Rose Hill, Kansas students taught there are five genders in dual credit college course

A Rose Hill high school student who has been taking concurrent (sometimes called “dual credit”) courses at Butler County Community College said he was required to answer a question on how many…

A Rose Hill high school student who has been taking concurrent (sometimes called “dual credit”) courses at Butler County Community College said he was required to answer a question on how many genders exist with “five” as part of a test for his intro to Psychology course.

The Sentinel is withholding the names of some sources in this story as a precaution against online or in-person harassment.

The student said the instructor, Lisa Tatum, who is listed on the course syllabus as “Adjunct Instructor of Psychology” but who does not appear to be listed on the BCCC website, informed the class — as a “fact” — that there were five genders.

She allegedly further told the class the only way they would get an “A” on the test on “Gender Development, Sexuality and Eating Disorders” was to “correctly” answer the question “how many genders are there” with “five.”

Photos of Tatum’s whiteboard notes would appear to bear out at least the instruction that there are “five genders.”

According to the student, answering with the biological reality of “two” would be unacceptable.

Tatum also allegedly shared photos from her transgender daughter’s wedding as “proof” of more than two genders.

Arguably inappropriate material being taught in creative writing class

An additional issue for the student — who is a devout Christian — was the inclusion of a short story in his English 101 class, which describes graphic bullying against a young boy.

The story, one of a series of essays by Ryan Van Meter in a book entitled, “If You Knew Then What I Know Now,” describes a young boy of 12, presumably VanMeter himself, being bullied by two boys he thought were friends, pretending to kiss and trying to get him to ‘come out’ in sixth grade.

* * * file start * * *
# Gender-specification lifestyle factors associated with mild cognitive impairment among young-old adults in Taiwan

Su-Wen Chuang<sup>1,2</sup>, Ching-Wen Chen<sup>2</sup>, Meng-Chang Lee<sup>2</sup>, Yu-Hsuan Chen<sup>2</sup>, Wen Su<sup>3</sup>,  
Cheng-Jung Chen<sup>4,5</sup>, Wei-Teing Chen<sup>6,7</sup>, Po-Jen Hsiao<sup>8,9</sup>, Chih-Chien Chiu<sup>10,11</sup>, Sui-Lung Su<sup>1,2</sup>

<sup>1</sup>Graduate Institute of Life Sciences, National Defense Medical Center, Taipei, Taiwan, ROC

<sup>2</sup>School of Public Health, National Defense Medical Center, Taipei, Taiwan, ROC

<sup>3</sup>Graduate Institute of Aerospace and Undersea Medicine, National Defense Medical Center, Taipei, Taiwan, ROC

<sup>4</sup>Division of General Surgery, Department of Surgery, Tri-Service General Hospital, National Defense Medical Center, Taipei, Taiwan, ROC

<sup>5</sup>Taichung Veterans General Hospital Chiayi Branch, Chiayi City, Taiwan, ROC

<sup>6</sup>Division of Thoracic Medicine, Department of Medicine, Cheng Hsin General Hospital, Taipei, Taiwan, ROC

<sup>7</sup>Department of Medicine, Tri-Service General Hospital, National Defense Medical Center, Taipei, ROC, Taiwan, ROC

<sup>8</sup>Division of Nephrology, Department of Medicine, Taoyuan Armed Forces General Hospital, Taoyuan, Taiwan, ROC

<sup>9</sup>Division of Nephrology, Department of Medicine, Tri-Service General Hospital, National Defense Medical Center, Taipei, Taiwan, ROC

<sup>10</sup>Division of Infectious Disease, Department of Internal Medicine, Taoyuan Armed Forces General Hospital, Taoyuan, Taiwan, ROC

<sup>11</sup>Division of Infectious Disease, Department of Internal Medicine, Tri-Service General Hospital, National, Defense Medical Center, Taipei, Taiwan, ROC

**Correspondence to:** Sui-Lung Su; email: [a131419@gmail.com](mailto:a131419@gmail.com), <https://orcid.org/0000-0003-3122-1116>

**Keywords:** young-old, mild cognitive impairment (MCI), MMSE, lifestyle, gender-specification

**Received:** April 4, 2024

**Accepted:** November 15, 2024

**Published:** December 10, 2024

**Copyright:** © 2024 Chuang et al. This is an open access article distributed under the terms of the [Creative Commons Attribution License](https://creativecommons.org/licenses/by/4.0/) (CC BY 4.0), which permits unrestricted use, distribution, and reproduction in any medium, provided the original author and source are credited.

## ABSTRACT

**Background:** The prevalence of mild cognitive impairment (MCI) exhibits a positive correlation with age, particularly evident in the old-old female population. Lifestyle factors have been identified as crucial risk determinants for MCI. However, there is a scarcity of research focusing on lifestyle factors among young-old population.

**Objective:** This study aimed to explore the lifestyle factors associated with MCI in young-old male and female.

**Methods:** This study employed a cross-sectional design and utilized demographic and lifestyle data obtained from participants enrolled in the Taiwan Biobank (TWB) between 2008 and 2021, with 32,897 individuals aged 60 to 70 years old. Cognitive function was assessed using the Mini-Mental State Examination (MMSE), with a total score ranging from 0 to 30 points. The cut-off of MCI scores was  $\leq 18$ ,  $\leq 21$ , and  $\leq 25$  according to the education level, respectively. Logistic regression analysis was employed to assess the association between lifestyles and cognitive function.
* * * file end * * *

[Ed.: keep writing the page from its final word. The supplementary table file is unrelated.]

The themes are arguably disturbing and include foul language. While the inclusion in a college course could be understandable, the student and his parents had issues with it being taught in a class that would almost certainly contain minors.

Inquiries to Rose Hill school district were ignored

The Sentinel reached out to BCCC President Kim Krull via email after a parent shared their concerns, asking if BCCC considered coercive grading practices such as were described appropriate and if any action would be taken to address the issue.

The Sentinel additionally asked if the college considered assigning material such as the short story in a class containing minors is appropriate.

Krull responded via email, stating her office had not been contacted by the parent, and asking to be put in contact, and would “follow … appropriate protocols to look into concerns” and “pass this along to the appropriate dean.”

According to the parent, Krull did reach out, and they and the dean have been attempting to make contact. What action, if any, might be taken is, of course, unclear.

When concerns were allegedly brought to the school counselor, the student said they were told that — as it was a college class — there was nothing the school could do about the course material, but if they had further issues with an assignment to return to see what could be done.

However, district officials could (if they want) refuse to allow the course to be taught, if nothing else.

The Sentinel also reached out to Rose Hill Superintendent of Schools Randal Chickadonz, asking if the district was aware of the material being taught and if the district considered such material appropriate, as well as if any action would be taken.

The email was – according to receipts – delivered but not read, and multiple phone messages to Chickadonz went unreturned as of publication.